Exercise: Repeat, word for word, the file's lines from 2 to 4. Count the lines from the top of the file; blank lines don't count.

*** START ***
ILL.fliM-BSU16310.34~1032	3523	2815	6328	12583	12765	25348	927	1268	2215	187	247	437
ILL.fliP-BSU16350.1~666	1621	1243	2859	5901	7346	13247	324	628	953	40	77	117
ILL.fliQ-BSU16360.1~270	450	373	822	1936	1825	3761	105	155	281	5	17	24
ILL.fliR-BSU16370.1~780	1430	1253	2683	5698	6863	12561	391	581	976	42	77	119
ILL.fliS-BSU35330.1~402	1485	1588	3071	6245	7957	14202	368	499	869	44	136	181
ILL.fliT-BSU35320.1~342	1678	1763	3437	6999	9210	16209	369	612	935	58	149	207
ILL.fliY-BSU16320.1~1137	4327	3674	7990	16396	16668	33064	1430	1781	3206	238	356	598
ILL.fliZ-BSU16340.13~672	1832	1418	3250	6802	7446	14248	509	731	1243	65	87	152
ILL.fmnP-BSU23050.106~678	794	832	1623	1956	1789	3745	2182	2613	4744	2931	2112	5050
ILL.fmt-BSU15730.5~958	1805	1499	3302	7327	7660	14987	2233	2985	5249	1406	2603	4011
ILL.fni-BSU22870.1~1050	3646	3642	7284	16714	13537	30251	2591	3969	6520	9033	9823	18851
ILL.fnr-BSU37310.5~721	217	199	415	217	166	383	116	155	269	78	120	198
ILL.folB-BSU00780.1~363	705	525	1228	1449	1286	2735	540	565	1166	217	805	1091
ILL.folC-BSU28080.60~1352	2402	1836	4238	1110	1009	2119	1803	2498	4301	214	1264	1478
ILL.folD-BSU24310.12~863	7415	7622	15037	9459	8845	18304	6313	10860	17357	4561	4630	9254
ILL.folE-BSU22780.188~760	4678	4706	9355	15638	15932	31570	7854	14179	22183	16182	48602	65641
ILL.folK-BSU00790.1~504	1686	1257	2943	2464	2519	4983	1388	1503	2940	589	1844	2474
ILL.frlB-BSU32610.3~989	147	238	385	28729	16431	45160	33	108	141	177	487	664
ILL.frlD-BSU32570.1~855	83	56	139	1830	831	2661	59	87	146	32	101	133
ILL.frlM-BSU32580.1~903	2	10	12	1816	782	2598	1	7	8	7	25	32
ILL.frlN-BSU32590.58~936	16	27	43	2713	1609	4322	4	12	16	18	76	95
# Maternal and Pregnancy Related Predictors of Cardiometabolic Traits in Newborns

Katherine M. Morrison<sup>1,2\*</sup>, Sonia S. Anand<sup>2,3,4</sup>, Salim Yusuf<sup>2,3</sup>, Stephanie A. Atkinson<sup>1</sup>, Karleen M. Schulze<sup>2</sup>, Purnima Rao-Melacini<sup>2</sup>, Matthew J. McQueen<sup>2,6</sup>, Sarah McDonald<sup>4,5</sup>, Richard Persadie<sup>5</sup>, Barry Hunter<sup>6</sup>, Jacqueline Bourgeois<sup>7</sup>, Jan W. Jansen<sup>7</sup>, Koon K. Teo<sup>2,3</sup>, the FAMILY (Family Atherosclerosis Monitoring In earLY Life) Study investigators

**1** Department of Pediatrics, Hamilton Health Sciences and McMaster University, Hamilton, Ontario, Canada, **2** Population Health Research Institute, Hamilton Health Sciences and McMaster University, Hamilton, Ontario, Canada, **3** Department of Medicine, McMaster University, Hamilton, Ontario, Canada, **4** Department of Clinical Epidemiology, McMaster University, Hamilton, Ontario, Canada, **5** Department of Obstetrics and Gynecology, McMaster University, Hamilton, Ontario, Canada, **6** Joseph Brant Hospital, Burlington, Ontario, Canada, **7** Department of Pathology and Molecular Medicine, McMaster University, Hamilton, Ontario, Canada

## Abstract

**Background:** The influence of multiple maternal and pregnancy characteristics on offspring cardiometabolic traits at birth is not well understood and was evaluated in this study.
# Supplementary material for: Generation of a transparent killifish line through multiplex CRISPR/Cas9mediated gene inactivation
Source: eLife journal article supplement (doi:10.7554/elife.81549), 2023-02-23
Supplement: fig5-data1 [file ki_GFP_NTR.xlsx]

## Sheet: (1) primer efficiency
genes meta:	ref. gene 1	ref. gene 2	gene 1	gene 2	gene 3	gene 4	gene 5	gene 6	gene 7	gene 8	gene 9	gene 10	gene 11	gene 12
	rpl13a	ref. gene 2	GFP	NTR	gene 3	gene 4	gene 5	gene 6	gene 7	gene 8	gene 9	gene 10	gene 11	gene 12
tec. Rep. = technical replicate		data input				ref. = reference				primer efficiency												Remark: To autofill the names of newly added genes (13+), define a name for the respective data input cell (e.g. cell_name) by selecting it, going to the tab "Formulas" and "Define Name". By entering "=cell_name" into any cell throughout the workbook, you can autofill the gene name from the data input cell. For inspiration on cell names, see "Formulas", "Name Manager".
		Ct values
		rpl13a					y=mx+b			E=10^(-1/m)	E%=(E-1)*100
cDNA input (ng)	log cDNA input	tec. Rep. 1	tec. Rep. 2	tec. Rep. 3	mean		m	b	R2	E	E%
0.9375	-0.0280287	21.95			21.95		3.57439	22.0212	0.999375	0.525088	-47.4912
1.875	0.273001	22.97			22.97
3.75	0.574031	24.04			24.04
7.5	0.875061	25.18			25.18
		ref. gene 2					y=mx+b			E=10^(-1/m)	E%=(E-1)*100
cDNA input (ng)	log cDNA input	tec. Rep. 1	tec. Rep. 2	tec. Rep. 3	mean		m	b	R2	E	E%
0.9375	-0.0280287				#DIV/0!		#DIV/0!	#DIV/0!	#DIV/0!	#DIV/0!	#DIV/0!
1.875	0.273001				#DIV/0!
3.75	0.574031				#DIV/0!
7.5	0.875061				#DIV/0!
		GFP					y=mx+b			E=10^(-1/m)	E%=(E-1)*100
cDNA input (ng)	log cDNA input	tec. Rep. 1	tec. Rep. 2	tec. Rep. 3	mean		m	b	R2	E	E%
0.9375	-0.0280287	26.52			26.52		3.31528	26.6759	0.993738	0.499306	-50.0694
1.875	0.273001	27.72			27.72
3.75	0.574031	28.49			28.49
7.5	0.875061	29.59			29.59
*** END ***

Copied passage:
ILL.fliP-BSU16350.1~666	1621	1243	2859	5901	7346	13247	324	628	953	40	77	117
ILL.fliQ-BSU16360.1~270	450	373	822	1936	1825	3761	105	155	281	5	17	24
ILL.fliR-BSU16370.1~780	1430	1253	2683	5698	6863	12561	391	581	976	42	77	119